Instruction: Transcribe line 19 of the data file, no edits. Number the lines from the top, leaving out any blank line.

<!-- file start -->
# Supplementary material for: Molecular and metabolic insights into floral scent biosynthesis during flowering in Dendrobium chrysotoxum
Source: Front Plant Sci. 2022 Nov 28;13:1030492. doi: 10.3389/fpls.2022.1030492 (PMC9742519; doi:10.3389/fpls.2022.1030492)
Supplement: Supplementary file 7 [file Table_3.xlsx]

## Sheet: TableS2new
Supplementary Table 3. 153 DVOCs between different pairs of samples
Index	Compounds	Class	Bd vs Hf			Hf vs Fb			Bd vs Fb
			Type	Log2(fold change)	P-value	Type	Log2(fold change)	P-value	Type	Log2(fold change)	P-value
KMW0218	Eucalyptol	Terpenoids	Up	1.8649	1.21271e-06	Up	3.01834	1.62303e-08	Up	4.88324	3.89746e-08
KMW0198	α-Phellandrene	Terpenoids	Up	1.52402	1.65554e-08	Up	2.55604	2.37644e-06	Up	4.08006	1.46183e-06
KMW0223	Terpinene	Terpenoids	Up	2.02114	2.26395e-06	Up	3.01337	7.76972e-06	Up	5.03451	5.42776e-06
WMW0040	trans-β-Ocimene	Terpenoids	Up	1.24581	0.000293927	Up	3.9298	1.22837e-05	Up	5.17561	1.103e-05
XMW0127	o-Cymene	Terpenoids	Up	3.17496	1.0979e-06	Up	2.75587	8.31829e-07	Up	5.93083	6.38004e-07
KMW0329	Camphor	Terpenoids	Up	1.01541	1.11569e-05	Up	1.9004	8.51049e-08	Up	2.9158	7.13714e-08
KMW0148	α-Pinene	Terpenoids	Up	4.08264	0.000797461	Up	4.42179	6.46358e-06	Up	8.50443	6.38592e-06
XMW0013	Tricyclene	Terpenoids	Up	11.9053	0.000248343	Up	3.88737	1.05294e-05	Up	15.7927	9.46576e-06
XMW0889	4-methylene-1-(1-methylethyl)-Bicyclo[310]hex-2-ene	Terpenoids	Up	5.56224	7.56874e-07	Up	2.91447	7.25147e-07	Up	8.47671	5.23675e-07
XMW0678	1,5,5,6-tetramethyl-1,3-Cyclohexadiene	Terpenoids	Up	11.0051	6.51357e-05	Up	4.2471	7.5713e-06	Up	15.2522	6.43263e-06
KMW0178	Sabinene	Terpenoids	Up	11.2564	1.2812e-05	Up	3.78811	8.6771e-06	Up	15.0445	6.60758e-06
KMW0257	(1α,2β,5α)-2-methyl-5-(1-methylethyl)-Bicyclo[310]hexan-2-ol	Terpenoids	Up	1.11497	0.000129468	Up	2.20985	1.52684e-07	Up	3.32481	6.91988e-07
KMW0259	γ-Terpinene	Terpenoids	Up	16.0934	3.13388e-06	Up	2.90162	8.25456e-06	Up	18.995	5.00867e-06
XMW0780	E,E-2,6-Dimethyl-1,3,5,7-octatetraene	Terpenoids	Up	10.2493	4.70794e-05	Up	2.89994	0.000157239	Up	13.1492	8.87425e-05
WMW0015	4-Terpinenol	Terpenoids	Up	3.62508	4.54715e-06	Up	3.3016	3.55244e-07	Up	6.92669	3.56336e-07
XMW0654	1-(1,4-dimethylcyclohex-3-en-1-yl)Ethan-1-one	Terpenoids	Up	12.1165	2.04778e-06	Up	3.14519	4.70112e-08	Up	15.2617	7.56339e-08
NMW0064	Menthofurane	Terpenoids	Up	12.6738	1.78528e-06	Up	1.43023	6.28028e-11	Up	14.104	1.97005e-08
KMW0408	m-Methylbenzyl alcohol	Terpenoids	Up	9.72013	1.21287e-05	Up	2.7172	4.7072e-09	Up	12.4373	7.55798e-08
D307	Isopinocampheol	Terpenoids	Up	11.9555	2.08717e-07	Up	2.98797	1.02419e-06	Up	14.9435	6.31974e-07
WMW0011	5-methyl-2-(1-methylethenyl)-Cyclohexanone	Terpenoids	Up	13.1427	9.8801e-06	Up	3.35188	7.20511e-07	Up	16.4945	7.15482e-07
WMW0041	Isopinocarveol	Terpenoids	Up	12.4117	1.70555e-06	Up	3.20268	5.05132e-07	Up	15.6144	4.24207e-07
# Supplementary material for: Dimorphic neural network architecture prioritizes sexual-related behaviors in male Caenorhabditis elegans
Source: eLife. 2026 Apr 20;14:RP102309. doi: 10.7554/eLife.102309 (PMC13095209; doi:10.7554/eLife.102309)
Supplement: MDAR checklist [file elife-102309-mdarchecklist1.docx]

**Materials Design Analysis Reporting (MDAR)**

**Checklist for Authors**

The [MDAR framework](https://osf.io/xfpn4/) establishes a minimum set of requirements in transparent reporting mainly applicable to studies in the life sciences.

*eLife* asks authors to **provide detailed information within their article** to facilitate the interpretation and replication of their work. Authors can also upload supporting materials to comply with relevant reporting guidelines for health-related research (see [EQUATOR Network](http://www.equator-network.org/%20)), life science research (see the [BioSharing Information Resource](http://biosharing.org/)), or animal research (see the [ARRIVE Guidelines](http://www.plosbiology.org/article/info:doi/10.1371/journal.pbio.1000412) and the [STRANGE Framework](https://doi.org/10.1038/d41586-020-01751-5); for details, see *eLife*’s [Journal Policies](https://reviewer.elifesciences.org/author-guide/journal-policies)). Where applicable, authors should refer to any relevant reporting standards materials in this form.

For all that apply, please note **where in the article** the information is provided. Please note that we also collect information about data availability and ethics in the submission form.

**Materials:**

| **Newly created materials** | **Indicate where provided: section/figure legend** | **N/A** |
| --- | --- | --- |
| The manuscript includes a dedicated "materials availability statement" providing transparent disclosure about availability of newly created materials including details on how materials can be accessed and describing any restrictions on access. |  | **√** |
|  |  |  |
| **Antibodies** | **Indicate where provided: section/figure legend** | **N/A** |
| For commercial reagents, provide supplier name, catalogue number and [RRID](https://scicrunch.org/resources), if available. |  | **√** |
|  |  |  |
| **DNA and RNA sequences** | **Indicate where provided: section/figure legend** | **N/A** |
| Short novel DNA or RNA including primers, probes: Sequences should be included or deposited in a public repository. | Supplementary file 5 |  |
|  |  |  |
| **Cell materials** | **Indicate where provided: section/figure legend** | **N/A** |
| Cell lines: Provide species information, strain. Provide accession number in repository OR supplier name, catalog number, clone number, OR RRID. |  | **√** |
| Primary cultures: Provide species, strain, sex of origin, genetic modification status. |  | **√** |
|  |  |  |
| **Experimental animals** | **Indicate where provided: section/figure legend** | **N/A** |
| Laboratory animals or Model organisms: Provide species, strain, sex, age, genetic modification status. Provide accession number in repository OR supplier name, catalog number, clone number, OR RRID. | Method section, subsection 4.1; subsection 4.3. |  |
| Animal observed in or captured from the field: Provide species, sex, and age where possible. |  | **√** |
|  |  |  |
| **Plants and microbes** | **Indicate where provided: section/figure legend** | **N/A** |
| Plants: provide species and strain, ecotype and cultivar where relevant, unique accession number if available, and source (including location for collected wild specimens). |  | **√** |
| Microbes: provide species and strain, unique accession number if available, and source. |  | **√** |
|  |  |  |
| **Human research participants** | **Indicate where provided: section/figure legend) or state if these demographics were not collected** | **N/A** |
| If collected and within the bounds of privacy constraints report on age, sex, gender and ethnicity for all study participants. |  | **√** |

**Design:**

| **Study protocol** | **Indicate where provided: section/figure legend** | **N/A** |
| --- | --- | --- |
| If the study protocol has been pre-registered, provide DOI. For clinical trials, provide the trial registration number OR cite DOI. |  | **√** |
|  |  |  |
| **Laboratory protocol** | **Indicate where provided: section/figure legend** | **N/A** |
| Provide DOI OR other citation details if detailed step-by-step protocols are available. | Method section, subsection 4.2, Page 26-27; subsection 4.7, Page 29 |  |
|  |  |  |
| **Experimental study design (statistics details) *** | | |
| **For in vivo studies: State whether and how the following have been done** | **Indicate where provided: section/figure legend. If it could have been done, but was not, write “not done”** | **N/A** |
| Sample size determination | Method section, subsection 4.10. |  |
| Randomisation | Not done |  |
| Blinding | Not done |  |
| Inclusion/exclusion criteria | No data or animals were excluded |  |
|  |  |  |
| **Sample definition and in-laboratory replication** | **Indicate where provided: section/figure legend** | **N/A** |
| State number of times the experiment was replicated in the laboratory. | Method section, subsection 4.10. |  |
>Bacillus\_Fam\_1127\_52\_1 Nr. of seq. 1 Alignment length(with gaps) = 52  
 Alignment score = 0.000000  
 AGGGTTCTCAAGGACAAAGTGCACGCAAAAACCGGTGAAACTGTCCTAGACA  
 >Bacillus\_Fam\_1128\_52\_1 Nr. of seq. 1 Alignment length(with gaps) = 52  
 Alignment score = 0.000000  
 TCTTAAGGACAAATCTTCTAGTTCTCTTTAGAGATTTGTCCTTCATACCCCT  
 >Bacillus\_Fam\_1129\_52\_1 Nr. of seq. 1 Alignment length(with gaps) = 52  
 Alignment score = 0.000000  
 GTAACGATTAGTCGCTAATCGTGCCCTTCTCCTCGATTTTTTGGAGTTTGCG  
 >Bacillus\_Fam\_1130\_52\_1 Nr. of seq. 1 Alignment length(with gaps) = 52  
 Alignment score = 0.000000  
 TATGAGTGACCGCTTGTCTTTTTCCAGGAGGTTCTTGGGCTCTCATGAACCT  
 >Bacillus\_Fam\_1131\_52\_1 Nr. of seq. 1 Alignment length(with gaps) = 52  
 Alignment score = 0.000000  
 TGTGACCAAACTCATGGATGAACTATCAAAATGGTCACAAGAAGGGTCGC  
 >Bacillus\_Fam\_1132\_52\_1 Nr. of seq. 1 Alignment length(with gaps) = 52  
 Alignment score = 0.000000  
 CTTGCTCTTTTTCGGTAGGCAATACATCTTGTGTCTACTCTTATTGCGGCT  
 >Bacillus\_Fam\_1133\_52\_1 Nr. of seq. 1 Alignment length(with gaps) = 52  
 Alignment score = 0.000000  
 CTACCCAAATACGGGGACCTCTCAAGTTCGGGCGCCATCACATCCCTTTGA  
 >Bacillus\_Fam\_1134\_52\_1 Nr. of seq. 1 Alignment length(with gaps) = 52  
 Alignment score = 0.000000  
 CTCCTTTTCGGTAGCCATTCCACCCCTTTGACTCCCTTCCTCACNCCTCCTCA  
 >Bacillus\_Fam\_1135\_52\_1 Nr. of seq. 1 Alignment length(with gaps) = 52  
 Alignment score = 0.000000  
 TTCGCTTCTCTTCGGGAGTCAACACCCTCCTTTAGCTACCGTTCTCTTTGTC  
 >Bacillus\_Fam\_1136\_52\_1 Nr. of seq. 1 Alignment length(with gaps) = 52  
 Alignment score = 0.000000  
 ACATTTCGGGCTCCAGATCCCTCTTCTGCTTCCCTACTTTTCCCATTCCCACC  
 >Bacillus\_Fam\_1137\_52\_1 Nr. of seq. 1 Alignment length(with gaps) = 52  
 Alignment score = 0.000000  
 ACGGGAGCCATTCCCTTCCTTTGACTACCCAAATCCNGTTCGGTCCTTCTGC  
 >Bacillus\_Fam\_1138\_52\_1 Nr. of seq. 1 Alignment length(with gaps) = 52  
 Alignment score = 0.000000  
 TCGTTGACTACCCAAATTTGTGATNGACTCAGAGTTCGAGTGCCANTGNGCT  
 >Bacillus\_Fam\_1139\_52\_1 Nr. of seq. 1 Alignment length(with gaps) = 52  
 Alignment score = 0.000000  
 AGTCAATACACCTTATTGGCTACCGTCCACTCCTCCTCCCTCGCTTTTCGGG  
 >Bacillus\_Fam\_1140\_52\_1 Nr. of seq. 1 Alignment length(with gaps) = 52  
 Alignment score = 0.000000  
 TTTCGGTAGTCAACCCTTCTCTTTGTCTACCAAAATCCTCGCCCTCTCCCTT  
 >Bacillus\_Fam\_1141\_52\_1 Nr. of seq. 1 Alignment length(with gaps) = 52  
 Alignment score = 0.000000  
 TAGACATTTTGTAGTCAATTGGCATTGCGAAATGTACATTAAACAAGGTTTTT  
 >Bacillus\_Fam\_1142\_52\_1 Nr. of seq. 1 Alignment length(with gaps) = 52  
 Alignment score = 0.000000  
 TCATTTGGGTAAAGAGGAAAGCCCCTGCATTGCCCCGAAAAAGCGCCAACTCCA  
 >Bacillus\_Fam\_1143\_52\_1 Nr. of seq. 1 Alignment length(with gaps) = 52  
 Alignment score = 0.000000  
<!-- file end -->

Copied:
KMW0257	(1α,2β,5α)-2-methyl-5-(1-methylethyl)-Bicyclo[310]hexan-2-ol	Terpenoids	Up	1.11497	0.000129468	Up	2.20985	1.52684e-07	Up	3.32481	6.91988e-07